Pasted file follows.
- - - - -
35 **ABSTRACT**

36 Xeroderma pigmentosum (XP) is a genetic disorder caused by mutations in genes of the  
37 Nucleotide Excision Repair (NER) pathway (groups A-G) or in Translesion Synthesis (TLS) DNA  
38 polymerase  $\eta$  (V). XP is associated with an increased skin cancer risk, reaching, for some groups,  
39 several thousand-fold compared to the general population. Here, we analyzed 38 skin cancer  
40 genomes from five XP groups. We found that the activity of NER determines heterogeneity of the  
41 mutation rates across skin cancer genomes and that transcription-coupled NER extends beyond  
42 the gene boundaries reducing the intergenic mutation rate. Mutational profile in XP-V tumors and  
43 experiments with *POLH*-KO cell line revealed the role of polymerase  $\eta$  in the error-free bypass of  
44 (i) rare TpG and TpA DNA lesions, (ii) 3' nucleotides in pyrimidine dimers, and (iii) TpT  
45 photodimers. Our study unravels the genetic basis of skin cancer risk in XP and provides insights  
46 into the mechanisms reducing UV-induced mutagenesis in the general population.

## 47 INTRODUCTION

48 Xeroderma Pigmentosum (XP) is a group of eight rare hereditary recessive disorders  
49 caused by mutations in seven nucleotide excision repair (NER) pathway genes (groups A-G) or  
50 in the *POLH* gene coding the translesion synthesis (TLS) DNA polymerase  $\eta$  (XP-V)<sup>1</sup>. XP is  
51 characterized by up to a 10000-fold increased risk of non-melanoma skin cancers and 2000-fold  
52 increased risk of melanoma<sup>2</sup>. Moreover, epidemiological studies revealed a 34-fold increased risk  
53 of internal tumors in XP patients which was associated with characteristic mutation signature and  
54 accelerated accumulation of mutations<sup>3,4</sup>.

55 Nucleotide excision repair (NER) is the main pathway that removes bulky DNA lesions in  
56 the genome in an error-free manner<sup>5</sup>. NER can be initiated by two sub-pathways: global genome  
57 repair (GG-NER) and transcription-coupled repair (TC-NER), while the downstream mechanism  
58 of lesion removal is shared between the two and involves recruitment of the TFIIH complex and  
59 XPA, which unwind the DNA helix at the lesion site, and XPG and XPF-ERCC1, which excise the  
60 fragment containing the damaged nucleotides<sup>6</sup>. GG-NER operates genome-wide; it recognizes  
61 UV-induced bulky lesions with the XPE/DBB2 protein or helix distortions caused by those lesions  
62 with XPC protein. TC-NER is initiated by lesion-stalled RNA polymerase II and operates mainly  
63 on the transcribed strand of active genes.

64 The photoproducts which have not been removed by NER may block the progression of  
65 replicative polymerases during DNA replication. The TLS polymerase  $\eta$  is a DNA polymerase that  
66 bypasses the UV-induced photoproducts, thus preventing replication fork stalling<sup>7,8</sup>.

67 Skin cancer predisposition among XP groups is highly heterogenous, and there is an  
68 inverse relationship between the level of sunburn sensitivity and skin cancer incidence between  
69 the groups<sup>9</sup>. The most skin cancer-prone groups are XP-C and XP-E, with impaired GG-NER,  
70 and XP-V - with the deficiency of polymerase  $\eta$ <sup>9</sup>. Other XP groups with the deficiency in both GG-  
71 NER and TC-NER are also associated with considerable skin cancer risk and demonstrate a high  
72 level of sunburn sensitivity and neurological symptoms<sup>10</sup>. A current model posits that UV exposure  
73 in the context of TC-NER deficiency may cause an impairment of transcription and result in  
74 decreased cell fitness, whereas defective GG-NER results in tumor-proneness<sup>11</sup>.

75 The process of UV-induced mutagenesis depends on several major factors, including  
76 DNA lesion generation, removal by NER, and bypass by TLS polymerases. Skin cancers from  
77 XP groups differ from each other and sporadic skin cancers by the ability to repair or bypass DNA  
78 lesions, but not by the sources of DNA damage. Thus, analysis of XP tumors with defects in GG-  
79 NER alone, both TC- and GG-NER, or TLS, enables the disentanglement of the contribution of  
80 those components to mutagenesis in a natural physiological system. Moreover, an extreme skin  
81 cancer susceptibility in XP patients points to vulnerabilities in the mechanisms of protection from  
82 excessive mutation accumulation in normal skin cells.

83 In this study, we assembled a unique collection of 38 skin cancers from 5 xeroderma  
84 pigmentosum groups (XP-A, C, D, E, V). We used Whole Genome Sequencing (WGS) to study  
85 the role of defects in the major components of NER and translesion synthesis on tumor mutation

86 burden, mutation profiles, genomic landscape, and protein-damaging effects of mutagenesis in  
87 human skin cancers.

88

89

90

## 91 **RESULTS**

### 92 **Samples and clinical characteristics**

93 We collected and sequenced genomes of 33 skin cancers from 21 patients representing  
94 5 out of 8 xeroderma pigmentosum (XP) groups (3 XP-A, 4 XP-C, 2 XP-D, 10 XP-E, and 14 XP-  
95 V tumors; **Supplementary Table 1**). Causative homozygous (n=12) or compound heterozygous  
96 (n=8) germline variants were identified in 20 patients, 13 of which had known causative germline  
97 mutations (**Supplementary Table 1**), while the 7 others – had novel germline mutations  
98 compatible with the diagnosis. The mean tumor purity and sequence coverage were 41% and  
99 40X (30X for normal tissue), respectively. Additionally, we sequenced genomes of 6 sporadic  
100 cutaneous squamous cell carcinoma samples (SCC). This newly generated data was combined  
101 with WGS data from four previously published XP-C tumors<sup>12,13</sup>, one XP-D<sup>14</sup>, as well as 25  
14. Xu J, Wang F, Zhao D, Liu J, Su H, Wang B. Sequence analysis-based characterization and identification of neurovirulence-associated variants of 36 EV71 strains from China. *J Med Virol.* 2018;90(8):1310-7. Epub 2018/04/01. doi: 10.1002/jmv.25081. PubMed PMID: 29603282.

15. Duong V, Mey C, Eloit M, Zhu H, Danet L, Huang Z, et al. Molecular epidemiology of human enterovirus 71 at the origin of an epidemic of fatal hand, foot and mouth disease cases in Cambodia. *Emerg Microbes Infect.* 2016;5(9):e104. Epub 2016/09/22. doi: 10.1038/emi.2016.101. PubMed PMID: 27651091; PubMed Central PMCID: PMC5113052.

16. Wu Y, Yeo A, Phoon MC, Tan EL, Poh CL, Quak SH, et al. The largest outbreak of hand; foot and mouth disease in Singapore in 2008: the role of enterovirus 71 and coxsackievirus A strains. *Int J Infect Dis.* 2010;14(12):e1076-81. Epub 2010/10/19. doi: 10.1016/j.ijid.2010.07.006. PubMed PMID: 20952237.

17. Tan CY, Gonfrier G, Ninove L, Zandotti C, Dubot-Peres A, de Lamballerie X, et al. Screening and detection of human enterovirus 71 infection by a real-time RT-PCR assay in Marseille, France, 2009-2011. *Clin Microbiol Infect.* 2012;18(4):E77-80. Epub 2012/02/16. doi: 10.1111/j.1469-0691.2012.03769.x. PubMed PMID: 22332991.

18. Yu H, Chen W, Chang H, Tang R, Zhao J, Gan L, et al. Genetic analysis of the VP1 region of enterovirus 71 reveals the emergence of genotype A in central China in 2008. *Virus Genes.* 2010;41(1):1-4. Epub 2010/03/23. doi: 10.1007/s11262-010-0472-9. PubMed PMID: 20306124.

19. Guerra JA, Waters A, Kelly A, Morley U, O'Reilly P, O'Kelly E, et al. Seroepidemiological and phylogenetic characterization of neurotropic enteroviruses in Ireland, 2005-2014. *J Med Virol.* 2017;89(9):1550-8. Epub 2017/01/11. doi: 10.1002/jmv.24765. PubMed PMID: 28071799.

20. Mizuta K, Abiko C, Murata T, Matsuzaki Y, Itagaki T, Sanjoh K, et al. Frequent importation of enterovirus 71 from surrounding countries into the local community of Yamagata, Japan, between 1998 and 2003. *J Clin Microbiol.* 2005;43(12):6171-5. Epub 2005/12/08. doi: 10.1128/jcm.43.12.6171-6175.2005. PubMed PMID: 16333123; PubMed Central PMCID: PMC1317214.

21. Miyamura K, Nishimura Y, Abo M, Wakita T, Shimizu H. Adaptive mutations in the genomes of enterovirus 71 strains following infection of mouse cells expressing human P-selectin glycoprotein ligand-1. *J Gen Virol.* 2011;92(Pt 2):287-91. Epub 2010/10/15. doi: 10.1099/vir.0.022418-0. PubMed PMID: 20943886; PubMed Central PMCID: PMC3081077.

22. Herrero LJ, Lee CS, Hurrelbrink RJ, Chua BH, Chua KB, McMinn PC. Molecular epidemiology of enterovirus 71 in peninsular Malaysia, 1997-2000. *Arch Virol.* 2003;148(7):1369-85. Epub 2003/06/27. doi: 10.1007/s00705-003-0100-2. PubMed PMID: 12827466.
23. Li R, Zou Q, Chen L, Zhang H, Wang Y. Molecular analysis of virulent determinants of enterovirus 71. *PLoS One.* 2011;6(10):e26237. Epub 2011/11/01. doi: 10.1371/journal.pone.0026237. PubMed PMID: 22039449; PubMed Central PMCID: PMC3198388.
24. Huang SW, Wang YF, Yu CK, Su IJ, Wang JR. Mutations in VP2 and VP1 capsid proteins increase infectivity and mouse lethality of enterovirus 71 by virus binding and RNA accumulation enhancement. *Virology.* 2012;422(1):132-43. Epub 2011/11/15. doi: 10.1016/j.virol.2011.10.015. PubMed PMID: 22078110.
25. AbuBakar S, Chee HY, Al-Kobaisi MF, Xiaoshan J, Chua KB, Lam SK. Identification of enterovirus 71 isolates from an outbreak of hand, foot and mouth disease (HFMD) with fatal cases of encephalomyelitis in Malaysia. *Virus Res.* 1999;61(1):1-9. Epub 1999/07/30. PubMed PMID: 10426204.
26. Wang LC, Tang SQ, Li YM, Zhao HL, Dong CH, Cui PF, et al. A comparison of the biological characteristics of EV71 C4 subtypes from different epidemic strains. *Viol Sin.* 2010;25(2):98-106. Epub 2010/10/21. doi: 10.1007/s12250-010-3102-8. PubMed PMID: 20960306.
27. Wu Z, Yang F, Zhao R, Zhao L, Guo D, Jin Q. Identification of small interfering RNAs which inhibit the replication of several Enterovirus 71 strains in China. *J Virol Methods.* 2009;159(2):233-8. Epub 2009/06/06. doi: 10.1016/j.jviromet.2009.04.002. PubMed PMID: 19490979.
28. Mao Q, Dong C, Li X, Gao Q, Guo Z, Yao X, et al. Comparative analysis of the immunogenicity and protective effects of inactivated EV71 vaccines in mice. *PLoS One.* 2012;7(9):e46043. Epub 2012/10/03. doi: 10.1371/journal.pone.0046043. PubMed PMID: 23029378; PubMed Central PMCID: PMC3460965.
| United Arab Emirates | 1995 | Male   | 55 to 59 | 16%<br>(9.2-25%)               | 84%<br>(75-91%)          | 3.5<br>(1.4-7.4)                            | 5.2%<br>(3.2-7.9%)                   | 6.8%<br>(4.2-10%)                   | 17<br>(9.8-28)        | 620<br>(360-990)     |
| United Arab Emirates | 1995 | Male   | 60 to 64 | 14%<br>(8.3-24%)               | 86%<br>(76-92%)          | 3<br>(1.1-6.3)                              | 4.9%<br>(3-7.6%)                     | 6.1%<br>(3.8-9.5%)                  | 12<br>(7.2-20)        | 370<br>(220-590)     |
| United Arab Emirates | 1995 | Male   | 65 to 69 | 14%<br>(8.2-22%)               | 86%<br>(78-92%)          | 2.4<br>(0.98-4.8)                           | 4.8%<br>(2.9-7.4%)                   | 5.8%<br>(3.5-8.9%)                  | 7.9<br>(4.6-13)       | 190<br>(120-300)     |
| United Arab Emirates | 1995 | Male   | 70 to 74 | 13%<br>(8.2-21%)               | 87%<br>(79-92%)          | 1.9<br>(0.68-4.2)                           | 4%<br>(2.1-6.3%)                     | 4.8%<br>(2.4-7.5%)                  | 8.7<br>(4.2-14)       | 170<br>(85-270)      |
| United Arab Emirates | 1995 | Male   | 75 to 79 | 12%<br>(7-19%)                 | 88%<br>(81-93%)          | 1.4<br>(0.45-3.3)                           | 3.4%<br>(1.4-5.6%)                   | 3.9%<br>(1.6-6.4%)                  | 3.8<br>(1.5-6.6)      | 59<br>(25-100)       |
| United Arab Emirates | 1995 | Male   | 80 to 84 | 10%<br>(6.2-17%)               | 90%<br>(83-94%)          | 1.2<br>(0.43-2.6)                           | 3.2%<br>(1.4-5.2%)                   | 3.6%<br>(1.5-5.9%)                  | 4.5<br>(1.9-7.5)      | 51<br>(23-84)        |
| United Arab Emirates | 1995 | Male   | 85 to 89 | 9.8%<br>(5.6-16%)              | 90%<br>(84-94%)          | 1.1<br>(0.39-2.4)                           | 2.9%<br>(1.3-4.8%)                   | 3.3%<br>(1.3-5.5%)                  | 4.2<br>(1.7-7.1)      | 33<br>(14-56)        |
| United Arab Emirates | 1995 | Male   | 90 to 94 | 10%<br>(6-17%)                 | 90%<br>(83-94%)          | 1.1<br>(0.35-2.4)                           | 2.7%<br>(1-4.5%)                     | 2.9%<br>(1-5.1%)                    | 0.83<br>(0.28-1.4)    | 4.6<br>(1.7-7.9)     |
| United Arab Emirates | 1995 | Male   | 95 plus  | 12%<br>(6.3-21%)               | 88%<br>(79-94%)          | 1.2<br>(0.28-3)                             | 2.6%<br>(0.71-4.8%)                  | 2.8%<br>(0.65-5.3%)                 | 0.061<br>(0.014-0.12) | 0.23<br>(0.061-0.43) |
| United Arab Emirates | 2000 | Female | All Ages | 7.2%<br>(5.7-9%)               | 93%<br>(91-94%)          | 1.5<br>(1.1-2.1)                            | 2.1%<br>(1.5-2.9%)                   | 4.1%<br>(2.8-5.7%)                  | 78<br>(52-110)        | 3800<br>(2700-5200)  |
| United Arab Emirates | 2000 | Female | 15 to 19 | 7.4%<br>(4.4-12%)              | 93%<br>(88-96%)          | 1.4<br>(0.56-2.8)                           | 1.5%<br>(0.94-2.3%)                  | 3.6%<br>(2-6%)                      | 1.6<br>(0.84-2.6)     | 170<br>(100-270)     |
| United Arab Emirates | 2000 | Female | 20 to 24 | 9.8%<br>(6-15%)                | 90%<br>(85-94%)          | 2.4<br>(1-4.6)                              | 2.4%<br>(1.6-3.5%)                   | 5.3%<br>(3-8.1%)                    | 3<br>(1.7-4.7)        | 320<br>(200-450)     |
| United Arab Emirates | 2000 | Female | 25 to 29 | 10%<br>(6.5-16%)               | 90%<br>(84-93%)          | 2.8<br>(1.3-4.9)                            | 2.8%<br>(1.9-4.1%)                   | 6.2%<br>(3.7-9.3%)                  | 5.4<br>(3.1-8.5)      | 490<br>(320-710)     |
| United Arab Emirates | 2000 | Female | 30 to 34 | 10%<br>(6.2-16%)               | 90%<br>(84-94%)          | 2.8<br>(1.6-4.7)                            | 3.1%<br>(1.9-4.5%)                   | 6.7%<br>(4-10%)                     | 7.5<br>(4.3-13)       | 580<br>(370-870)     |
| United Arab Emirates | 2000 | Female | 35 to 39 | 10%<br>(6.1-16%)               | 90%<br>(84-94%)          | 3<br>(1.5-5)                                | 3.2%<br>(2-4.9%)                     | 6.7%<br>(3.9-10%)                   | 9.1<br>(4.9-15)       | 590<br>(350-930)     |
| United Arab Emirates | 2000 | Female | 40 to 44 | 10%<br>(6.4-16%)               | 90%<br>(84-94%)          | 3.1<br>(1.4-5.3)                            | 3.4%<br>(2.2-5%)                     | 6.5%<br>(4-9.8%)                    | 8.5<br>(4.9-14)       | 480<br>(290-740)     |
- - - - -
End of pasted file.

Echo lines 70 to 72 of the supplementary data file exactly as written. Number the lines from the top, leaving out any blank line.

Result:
16. Wu Y, Yeo A, Phoon MC, Tan EL, Poh CL, Quak SH, et al. The largest outbreak of hand; foot and mouth disease in Singapore in 2008: the role of enterovirus 71 and coxsackievirus A strains. *Int J Infect Dis.* 2010;14(12):e1076-81. Epub 2010/10/19. doi: 10.1016/j.ijid.2010.07.006. PubMed PMID: 20952237.

17. Tan CY, Gonfrier G, Ninove L, Zandotti C, Dubot-Peres A, de Lamballerie X, et al. Screening and detection of human enterovirus 71 infection by a real-time RT-PCR assay in Marseille, France, 2009-2011. *Clin Microbiol Infect.* 2012;18(4):E77-80. Epub 2012/02/16. doi: 10.1111/j.1469-0691.2012.03769.x. PubMed PMID: 22332991.

18. Yu H, Chen W, Chang H, Tang R, Zhao J, Gan L, et al. Genetic analysis of the VP1 region of enterovirus 71 reveals the emergence of genotype A in central China in 2008. *Virus Genes.* 2010;41(1):1-4. Epub 2010/03/23. doi: 10.1007/s11262-010-0472-9. PubMed PMID: 20306124.